Since 1973, 139 men and women have been freed from death row after they were found to be innocent. They were exonerated with the help of students and professors, journalists and concerned citizens, and actors in the criminal justice system — in spite of a broken death machine that is hopelessly irreparable.
Meanwhile, these victims of the system — ordinary people, typically working class, poor and disproportionately of color, but with many white folks as well — have spent five, ten, fifteen or more years on death row for a crime they did not commit.
None of us can begin to imagine the horror they experienced, or the trauma they continue to experience even in freedom, as the state conspired to murder them and they had to take it. Even now, they struggle with financial, employment health and other personal challenges. I cannot think of a more compelling argument in favor of ending the death penalty than the exonerated death row survivors.
To be sure, murder victims’ families who oppose the death penalty are showing the way. They know that taking a life, including the lives of the wrongfully convicted, will not return their loved ones or make them whole, but rather will only perpetuate a vicious cycle of violence.
There is a sense that things are changing. At 61 percent, support for capital punishment in the U.S. is at its lowest level since 1972. Cases such as that of Mumia, and particularly the recent example of Troy Davis, have helped shift public opinion. In death, Davis became a catalyst for a movement of a new generation of abolitionists, including young African-Americans. Through his martyrdom, a multitude of people woke up and realized the fix is in. They realized they’re coming to get us.
In recent years, states such as Illinois, New Mexico and New Jersey chose the path to abolition. Oregon Governor John Kitzhaber recently announced a death penalty moratorium in his state. And this week the Pennsylvania Senate’s Judiciary Committee voted in favor of SR6, a resolution to study and assess the death penalty in the state.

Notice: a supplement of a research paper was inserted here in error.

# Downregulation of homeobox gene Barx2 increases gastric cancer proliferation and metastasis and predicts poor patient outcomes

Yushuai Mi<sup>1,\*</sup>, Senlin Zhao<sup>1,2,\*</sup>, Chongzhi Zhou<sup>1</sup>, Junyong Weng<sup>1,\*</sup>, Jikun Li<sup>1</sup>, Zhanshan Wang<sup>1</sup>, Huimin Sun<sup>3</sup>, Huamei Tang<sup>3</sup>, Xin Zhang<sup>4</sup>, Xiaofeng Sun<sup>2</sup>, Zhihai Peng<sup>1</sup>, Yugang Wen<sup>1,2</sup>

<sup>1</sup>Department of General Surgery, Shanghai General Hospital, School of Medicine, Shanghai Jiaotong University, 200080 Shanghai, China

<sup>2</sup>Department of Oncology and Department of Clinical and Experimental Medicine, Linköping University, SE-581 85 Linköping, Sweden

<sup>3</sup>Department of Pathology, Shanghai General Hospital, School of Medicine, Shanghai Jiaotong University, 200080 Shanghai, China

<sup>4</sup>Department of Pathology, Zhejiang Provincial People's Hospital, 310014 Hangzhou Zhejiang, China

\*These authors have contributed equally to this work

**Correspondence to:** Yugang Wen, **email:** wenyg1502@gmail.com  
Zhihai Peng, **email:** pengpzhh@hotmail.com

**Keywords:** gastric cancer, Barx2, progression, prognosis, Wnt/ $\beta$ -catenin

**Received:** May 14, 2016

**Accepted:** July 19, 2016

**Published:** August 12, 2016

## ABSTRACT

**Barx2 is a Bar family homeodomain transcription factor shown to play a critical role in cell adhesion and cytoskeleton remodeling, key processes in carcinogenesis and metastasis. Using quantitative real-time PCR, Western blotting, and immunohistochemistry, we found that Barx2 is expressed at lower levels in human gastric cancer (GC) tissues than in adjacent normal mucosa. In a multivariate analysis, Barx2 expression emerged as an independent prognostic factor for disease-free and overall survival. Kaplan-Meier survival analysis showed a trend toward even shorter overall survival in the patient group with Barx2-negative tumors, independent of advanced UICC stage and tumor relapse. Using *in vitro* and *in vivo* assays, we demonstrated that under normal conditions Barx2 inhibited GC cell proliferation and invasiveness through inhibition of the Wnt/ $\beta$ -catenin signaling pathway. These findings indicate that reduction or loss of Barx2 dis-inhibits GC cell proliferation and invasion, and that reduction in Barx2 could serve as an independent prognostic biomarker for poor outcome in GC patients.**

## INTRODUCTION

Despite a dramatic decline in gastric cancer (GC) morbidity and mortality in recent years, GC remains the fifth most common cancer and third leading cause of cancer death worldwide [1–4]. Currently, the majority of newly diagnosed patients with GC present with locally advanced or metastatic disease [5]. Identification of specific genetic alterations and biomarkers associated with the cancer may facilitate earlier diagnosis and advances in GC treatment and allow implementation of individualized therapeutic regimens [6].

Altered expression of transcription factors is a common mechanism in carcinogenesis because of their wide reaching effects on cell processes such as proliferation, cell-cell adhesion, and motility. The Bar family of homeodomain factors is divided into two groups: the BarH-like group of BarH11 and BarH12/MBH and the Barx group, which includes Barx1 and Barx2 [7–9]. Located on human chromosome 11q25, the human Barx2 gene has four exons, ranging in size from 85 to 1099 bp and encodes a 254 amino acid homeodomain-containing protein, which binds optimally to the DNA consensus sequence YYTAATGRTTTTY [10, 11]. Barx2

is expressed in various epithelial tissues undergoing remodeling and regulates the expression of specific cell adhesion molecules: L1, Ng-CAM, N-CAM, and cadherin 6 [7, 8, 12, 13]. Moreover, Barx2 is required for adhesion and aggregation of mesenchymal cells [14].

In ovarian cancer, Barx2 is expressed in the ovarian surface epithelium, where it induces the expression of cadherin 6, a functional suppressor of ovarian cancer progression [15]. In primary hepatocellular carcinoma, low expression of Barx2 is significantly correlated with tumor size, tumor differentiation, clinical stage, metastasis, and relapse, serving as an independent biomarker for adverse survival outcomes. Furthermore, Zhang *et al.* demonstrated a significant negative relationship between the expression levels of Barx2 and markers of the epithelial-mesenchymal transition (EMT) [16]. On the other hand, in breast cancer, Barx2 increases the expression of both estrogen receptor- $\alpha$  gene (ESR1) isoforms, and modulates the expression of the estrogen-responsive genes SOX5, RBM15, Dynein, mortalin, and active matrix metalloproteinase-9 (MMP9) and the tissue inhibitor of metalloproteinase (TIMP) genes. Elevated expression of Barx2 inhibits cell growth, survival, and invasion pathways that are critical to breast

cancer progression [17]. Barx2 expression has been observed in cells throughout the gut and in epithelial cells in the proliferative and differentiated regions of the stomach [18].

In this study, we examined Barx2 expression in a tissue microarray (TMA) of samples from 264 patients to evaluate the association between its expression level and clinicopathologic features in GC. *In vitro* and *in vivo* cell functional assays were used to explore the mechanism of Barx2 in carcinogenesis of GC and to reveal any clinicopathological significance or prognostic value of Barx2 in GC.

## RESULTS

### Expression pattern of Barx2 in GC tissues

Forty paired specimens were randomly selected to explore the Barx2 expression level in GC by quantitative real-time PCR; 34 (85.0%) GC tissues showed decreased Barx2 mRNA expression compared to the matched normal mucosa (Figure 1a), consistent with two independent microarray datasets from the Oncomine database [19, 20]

And yet, as the nation seemingly has turned a corner on the death penalty, there are many new corners to turn and battles to win. The fact remains that while executions have declined, they are still taking place in America, mostly against the poor and poorly represented. Texas is the leader in executions, accounting for 35 percent of the nation’s total. In Harris County (Houston) 12 of the last 13 death sentences in that county were of black men.
With over three-quarters of the nation’s executions, the South leads the nation in state-sponsored murder, a legacy of the Black Codes, Jim Crow and lynchings. And the most important factor that determines whether someone will get the death penalty is the race of the victim.
Over the past three decades, an overwhelming majority of people executed in the United States — over 80 percent — were convicted of killing a white victim, according to Amnesty International. In addition, since 1976 more than 20 percent of black defendants were convicted by an all-white jury. Blacks, however, are about half of all murder victims. And 42 percent of America’s death row is black.
According to a study published in the Journal of Empirical Legal Studies in 2004, a black person convicted of murdering a white victim is two and a half times as likely to be sentenced to death as a white person convicted of murdering a white victim.
Meanwhile, 98 percent of the prosecutors across the country are white, while only 1 percent are black.
In 1972, the U.S. Supreme Court found that the death penalty was unconstitutional, in part, due to racial disparities. In 1976, the death penalty was reinstated in America. There will come a time when America once again decides to end the barbaric and racist practice — rife with error, incompetence and corruption -although we’re not there yet. But when it happens, in light of the altered post-Troy Davis landscape, the black community will have played a big role in it.